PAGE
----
SALTIE MAPPING FARCE
Everyone knows about river crocs, except the auditors
SALT WATER crocodiles have been spotted more than 200km from the North Queensland coast despite the last State Government audit finding only 258 estuarine crocs between Maryborough and Cooktown.
The Bulletin snapped three crocodiles in a 500m stretch of the Bowen River near Collinsville, 190km from the Burdekin River mouth.
Burdekin MP Dale Last said there was no evidence that officers involved in the last crocodile population survey undertaken in 2009- 10 explored freshwater rivers such as the Burdekin to determine populations.
Mr Last said the survey was largely regarded as a joke by people who explored the area’s freshwater rivers.
“These estuarine or saltwater crocodiles are just as at home in freshwater,” he said.
“The State Government has to get serious and spend the time talking to locals who know these rivers – people like station owners and mustering pilots who fly the rivers and creeks.”
It comes after the Government announced another audit would be undertaken in a review of the crocodile management plan.
But a spokeswoman for the Minister for Environment and Heritage Protection Steven Miles could not confirm the scope of the new audit or when it would begin.
She said one of the department’s first steps would be to engage independent experts to audit the science used to gauge numbers.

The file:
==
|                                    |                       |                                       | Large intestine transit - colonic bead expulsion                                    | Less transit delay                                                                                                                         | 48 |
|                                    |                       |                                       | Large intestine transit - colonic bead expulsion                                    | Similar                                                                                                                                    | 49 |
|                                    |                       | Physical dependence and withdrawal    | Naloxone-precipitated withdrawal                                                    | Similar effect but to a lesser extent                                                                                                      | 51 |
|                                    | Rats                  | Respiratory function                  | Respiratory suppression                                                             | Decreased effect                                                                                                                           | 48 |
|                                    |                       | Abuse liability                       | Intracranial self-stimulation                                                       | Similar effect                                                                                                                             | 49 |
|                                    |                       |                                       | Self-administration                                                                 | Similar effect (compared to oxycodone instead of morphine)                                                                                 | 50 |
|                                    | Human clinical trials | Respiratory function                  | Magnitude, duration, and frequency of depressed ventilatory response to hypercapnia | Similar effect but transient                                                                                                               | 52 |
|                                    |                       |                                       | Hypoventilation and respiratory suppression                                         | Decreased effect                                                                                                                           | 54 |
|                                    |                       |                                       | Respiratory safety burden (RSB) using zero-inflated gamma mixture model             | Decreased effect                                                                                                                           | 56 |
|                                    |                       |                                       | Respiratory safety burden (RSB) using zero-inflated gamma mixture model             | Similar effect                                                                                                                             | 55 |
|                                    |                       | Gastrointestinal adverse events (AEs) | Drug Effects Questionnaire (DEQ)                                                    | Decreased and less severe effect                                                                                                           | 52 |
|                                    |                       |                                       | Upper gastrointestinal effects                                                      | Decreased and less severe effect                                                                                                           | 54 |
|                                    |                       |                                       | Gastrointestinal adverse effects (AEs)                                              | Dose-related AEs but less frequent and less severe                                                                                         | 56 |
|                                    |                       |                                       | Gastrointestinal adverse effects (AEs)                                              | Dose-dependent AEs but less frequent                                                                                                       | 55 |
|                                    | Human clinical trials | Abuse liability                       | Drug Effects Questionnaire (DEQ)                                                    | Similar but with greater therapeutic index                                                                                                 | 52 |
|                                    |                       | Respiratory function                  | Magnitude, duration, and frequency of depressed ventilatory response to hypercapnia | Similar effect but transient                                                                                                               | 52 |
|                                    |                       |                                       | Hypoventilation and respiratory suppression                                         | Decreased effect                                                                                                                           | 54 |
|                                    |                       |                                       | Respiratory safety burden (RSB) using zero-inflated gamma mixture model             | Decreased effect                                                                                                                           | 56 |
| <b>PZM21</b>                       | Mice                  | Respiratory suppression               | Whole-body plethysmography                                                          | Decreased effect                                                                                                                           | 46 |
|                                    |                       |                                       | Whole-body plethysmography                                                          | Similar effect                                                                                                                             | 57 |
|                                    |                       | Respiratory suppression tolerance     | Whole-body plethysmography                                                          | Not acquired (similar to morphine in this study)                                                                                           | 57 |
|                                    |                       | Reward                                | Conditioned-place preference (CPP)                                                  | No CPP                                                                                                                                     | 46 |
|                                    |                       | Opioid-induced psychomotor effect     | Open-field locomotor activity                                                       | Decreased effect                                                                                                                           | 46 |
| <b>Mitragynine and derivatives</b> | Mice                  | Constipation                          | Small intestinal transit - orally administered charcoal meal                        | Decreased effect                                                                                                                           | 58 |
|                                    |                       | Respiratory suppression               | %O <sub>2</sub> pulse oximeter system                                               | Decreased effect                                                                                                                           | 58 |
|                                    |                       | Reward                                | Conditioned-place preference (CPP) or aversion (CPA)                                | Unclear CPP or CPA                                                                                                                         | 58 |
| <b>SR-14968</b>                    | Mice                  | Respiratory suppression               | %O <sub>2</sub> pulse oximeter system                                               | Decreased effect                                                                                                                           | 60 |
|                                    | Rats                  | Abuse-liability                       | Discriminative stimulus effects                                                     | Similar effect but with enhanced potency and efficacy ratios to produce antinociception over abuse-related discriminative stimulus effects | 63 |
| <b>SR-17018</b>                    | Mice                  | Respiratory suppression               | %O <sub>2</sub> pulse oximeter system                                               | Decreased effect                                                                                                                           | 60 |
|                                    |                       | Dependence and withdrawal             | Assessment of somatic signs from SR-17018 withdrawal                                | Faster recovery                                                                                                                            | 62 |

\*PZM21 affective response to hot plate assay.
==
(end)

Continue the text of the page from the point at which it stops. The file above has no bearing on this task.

“The first phase will identify gaps in the science and what is required to fill these gaps,” she said.
“Once we have the science, we will review crocodile management arrangements in consultation with the broader community.”
Mr Last said it was common knowledge estuarine crocodiles could be found right up to where the Bowen River joined the Broken River on the western fall of the Eungella Range, 225km upstream from the Burdekin River mouth.
He said it was also well known there was a population of breeding crocodiles in the Burdekin Dam.
Burdekin River helicopter pilot Wayne Prichard said there was a large estuarine crocodile population in the Burdekin River between the dam wall and the river mouth.
He said there was one specimen measuring seven
is no waterfall or land barrier to block them, they will keep going upriver
BURDEKIN MP DALE LAST
metres which could usually be found where the Bowen and Burdekin rivers met.
In the Government’s 2009- 10 survey, crocodiles ranged from 0.3m to 3.8m.
It was in the area close to the Burdekin- Bowen River junction where Steve Irwin caught his first estuarine crocodiles when building his Australia Zoo near Brisbane.
Dalbeg farmers Sean McShane and Michael Lequerica spent a night in the early 1980s catching a 4.5m crocodile with Irwin near Millaroo.
“He used to trap them in heavy nets using dead pigs as bait,” Mr Lequerica said.
Mr Last said the Cromarty Wetlands had a large, but unknown number of crocodiles.
“You can’t do half- baked surveys like the last one. It will take a lot of time and effort to properly survey the creeks and rivers,” he said.
“The crocs will go as far as the barramundi go. If there is no waterfall or land barrier to block them, they will keep going upriver.”
Tony Menkens, the former owner of Myuna Station on the Bowen River, said the crocs were native to the river.
“The cows used to leave their calves behind when they went down for a drink. It was nothing to see 20 calves in a bunch high up on a bank while the cows were down drinking,” he said.
NO SECRET: Crocodiles have long been and still are active in the Bowen River.